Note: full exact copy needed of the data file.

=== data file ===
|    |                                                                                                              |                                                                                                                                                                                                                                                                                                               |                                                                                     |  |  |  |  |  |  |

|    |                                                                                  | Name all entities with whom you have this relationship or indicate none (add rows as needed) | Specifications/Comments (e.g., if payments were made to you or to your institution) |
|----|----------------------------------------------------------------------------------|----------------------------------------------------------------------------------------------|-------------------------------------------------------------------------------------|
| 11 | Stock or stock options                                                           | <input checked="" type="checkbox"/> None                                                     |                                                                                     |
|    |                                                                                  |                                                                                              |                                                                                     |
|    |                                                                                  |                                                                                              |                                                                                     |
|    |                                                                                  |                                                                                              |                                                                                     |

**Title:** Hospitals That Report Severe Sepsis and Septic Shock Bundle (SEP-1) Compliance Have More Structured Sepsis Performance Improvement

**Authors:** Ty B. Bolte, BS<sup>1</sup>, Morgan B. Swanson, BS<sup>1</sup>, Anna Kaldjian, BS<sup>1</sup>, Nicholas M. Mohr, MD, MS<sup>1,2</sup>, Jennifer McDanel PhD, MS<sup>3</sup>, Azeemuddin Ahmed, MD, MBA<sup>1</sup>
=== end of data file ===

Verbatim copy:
|    |                                                                                                              |                                                                                                                                                                                                                                                                                                               |                                                                                     |  |  |  |  |  |  |

|    |                                                                                  | Name all entities with whom you have this relationship or indicate none (add rows as needed) | Specifications/Comments (e.g., if payments were made to you or to your institution) |
|----|----------------------------------------------------------------------------------|----------------------------------------------------------------------------------------------|-------------------------------------------------------------------------------------|
| 11 | Stock or stock options                                                           | <input checked="" type="checkbox"/> None                                                     |                                                                                     |
|    |                                                                                  |                                                                                              |                                                                                     |
|    |                                                                                  |                                                                                              |                                                                                     |
|    |                                                                                  |                                                                                              |                                                                                     |

**Title:** Hospitals That Report Severe Sepsis and Septic Shock Bundle (SEP-1) Compliance Have More Structured Sepsis Performance Improvement

**Authors:** Ty B. Bolte, BS<sup>1</sup>, Morgan B. Swanson, BS<sup>1</sup>, Anna Kaldjian, BS<sup>1</sup>, Nicholas M. Mohr, MD, MS<sup>1,2</sup>, Jennifer McDanel PhD, MS<sup>3</sup>, Azeemuddin Ahmed, MD, MBA<sup>1</sup>